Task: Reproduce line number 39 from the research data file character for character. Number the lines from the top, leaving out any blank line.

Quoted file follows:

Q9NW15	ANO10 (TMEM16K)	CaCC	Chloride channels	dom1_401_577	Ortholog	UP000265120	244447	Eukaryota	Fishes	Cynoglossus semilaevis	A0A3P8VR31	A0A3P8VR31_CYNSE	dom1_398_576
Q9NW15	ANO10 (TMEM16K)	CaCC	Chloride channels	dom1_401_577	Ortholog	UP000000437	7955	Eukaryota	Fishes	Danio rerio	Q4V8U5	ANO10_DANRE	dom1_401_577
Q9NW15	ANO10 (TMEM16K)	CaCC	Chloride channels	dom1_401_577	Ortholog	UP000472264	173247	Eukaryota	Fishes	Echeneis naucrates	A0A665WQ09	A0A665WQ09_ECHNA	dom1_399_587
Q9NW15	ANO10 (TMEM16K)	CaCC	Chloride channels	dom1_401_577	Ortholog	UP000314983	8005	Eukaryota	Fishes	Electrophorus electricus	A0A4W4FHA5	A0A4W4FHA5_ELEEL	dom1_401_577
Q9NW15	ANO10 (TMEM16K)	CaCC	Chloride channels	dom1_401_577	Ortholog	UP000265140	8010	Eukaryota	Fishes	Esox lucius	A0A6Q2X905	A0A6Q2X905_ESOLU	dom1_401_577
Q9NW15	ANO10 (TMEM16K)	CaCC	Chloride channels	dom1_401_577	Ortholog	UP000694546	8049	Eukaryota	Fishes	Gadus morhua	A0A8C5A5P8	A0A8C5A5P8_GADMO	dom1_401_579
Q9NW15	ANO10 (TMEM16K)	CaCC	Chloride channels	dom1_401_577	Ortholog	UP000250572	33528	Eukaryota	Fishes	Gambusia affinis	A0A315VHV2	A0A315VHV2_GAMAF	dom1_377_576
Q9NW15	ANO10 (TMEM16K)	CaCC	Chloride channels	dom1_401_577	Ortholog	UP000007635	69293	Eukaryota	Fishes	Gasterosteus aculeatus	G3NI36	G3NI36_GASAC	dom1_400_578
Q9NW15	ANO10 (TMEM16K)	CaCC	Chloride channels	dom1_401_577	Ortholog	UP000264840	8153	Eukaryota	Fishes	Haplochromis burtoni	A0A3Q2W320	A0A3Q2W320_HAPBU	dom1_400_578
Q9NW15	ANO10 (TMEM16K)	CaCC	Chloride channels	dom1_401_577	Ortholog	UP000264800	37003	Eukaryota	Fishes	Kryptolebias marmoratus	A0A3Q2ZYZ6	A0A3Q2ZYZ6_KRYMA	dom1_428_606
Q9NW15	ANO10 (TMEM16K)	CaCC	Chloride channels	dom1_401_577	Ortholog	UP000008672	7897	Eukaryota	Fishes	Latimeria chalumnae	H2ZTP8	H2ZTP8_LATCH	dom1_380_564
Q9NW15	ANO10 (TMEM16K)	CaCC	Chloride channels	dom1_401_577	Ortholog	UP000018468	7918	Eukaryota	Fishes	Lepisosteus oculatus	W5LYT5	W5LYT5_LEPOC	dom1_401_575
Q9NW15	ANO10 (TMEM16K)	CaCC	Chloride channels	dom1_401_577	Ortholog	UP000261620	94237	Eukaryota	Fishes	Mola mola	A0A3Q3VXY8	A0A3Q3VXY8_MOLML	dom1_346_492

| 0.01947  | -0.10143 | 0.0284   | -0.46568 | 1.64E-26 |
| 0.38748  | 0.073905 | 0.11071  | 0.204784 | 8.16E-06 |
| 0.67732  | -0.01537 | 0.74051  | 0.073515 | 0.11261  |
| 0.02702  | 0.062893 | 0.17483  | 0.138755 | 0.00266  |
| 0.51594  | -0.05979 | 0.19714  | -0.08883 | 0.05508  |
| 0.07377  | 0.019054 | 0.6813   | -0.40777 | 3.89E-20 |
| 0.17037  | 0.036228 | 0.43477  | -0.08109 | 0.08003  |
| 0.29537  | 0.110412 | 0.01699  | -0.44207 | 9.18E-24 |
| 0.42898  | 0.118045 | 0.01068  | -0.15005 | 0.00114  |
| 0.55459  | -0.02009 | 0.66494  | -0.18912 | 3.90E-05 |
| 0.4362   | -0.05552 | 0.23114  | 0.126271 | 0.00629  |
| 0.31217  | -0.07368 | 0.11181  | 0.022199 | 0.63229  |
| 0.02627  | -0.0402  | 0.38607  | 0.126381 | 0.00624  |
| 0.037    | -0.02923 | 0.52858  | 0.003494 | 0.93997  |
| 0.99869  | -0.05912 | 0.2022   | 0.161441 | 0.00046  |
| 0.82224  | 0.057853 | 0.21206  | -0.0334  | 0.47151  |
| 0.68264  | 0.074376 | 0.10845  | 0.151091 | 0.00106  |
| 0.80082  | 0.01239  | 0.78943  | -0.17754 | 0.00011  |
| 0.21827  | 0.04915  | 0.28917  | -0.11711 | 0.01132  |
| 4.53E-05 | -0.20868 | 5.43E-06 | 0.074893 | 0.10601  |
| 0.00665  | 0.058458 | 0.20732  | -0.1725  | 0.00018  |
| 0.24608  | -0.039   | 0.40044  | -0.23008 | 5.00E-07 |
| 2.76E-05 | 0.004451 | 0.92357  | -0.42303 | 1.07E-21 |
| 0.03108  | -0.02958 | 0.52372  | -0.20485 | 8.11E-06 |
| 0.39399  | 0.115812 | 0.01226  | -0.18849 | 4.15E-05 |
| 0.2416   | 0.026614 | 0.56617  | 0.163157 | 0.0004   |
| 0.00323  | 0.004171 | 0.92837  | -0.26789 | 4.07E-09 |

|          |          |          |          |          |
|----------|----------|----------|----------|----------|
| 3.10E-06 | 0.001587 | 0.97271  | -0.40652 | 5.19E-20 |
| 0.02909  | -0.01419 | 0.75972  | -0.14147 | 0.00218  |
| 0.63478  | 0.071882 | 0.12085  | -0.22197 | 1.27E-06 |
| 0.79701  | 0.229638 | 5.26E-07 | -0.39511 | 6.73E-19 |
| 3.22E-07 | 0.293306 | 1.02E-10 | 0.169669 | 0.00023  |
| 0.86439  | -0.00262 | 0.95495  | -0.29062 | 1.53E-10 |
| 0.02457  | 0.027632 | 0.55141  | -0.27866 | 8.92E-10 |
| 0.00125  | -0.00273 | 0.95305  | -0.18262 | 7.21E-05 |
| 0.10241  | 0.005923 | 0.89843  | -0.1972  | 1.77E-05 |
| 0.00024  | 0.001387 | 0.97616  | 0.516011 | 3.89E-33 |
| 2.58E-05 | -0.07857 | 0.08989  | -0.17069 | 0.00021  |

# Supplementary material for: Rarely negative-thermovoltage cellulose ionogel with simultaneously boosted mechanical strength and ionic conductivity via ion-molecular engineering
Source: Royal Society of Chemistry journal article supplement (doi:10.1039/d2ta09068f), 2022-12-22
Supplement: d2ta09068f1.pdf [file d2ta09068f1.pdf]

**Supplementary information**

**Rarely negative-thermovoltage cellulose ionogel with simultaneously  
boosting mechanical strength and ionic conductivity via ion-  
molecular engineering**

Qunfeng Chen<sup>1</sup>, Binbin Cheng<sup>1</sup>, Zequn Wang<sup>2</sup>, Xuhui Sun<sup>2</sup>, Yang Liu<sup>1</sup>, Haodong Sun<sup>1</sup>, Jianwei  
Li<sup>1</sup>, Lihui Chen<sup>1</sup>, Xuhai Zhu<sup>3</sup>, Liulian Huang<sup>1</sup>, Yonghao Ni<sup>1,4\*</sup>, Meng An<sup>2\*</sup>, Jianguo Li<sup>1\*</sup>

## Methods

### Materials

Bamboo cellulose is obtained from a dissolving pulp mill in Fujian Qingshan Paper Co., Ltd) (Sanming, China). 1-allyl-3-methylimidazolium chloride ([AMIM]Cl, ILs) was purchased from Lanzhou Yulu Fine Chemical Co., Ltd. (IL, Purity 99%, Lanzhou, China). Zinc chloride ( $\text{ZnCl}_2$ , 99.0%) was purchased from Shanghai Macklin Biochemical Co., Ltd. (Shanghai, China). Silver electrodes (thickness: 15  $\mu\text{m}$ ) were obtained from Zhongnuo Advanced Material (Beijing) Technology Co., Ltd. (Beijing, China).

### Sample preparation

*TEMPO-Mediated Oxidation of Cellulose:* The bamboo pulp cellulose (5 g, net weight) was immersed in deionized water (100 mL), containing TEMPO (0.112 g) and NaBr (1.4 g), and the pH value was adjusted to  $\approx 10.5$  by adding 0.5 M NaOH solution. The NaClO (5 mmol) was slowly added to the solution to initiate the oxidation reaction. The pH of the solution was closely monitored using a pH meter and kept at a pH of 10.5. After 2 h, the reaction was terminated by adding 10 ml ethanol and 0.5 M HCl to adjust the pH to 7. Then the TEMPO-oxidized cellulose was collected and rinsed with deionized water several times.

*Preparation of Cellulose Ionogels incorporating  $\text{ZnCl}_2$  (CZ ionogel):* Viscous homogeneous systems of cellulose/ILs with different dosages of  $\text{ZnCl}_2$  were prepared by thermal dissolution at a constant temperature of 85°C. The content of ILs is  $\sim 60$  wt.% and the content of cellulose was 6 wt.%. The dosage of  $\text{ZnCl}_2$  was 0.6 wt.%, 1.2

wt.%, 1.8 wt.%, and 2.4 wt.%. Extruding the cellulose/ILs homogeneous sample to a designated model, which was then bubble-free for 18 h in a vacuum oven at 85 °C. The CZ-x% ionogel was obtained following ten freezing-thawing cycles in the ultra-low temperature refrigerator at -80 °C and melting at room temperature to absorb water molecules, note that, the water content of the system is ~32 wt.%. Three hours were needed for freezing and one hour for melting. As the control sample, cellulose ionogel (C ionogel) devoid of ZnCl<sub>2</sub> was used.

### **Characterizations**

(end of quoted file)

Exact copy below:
| 0.2416   | 0.026614 | 0.56617  | 0.163157 | 0.0004   |